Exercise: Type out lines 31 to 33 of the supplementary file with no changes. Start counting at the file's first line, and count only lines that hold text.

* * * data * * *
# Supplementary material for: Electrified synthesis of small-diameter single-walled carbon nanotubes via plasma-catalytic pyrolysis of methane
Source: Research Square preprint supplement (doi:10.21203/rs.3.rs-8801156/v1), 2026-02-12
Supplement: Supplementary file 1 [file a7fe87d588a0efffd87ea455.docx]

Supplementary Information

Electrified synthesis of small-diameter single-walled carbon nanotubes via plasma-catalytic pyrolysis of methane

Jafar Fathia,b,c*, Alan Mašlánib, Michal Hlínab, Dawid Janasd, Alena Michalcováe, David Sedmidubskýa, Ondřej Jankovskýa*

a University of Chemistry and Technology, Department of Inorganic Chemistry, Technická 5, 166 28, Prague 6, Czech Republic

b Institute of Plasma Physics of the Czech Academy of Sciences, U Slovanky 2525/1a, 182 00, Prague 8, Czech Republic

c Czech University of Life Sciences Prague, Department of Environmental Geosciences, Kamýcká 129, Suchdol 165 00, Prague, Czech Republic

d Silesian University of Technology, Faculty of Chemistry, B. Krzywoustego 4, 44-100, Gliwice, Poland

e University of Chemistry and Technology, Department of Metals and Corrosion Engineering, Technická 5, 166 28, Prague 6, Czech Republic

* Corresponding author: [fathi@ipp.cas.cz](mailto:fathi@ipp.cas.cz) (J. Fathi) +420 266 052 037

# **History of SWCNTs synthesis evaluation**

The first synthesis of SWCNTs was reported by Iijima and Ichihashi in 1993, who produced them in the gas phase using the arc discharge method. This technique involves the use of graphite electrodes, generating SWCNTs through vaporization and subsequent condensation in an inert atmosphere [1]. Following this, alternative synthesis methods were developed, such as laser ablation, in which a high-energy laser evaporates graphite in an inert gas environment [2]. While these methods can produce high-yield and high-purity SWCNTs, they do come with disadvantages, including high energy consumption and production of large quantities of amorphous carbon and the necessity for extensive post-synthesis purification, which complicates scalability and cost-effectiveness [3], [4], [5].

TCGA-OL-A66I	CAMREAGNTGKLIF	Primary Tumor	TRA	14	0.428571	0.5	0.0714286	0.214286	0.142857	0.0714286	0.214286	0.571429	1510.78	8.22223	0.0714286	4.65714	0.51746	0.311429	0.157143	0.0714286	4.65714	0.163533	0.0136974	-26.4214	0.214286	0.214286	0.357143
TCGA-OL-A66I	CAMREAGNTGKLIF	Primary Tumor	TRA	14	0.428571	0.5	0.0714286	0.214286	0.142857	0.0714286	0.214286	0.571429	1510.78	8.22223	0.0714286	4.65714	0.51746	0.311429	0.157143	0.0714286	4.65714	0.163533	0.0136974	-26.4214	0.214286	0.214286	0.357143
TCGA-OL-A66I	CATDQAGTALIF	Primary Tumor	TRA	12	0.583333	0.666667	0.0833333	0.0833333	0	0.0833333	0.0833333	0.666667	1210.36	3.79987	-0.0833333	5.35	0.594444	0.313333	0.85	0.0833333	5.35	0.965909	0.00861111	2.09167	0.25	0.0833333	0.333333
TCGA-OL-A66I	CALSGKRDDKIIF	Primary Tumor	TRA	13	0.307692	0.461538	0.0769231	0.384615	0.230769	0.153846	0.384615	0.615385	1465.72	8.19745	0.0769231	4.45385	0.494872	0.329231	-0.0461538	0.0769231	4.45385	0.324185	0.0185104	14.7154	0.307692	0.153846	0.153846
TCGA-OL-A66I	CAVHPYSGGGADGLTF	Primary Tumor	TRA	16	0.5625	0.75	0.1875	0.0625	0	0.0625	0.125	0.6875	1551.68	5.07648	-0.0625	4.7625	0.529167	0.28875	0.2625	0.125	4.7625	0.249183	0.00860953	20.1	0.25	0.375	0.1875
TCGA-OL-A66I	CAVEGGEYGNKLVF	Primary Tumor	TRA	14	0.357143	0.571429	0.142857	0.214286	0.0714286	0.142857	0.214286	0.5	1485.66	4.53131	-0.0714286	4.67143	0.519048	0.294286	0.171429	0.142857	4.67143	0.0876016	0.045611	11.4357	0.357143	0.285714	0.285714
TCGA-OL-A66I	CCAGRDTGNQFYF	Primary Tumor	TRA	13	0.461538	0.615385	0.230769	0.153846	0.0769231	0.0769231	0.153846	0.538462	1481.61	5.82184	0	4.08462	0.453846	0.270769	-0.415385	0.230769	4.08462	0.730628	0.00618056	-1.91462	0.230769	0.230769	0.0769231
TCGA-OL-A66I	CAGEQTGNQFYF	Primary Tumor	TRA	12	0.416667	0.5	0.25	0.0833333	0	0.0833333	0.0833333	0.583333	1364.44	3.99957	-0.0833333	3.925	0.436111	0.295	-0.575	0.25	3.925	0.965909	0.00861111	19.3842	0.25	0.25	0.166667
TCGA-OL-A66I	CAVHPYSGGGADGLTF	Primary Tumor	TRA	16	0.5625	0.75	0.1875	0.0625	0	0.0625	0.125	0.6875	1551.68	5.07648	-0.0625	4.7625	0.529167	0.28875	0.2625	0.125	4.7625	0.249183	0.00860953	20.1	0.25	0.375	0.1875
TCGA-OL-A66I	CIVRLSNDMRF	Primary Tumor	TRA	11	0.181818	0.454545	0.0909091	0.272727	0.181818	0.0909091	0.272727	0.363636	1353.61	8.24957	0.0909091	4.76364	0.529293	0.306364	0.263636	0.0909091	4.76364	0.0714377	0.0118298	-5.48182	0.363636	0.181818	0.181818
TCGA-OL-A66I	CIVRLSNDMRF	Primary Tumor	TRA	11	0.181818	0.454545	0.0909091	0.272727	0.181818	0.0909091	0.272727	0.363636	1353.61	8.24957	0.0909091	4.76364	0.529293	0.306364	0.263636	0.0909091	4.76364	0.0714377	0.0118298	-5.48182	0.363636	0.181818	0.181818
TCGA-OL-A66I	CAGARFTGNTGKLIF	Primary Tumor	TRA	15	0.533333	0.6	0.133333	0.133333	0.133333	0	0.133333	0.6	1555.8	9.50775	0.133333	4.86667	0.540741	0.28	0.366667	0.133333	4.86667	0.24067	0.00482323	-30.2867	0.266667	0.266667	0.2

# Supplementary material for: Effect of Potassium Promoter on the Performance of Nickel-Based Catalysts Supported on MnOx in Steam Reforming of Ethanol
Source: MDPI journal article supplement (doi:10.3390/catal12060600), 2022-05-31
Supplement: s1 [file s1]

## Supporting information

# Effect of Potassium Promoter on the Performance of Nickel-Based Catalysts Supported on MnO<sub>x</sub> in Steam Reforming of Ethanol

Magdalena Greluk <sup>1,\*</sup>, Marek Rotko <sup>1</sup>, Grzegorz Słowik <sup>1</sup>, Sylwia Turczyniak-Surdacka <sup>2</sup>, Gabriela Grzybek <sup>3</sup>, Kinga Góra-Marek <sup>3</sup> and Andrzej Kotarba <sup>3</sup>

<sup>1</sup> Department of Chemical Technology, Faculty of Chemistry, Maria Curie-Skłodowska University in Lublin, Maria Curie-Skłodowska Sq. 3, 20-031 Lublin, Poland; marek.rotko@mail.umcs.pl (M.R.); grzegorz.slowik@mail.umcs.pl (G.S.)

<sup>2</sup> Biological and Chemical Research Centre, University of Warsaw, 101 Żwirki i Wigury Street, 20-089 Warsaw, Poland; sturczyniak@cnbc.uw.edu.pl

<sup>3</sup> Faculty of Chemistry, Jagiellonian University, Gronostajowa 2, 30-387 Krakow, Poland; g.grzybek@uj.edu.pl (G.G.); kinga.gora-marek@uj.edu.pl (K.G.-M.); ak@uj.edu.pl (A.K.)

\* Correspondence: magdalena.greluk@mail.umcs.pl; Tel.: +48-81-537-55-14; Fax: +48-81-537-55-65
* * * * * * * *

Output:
# Effect of Potassium Promoter on the Performance of Nickel-Based Catalysts Supported on MnO<sub>x</sub> in Steam Reforming of Ethanol

Magdalena Greluk <sup>1,\*</sup>, Marek Rotko <sup>1</sup>, Grzegorz Słowik <sup>1</sup>, Sylwia Turczyniak-Surdacka <sup>2</sup>, Gabriela Grzybek <sup>3</sup>, Kinga Góra-Marek <sup>3</sup> and Andrzej Kotarba <sup>3</sup>

<sup>1</sup> Department of Chemical Technology, Faculty of Chemistry, Maria Curie-Skłodowska University in Lublin, Maria Curie-Skłodowska Sq. 3, 20-031 Lublin, Poland; marek.rotko@mail.umcs.pl (M.R.); grzegorz.slowik@mail.umcs.pl (G.S.)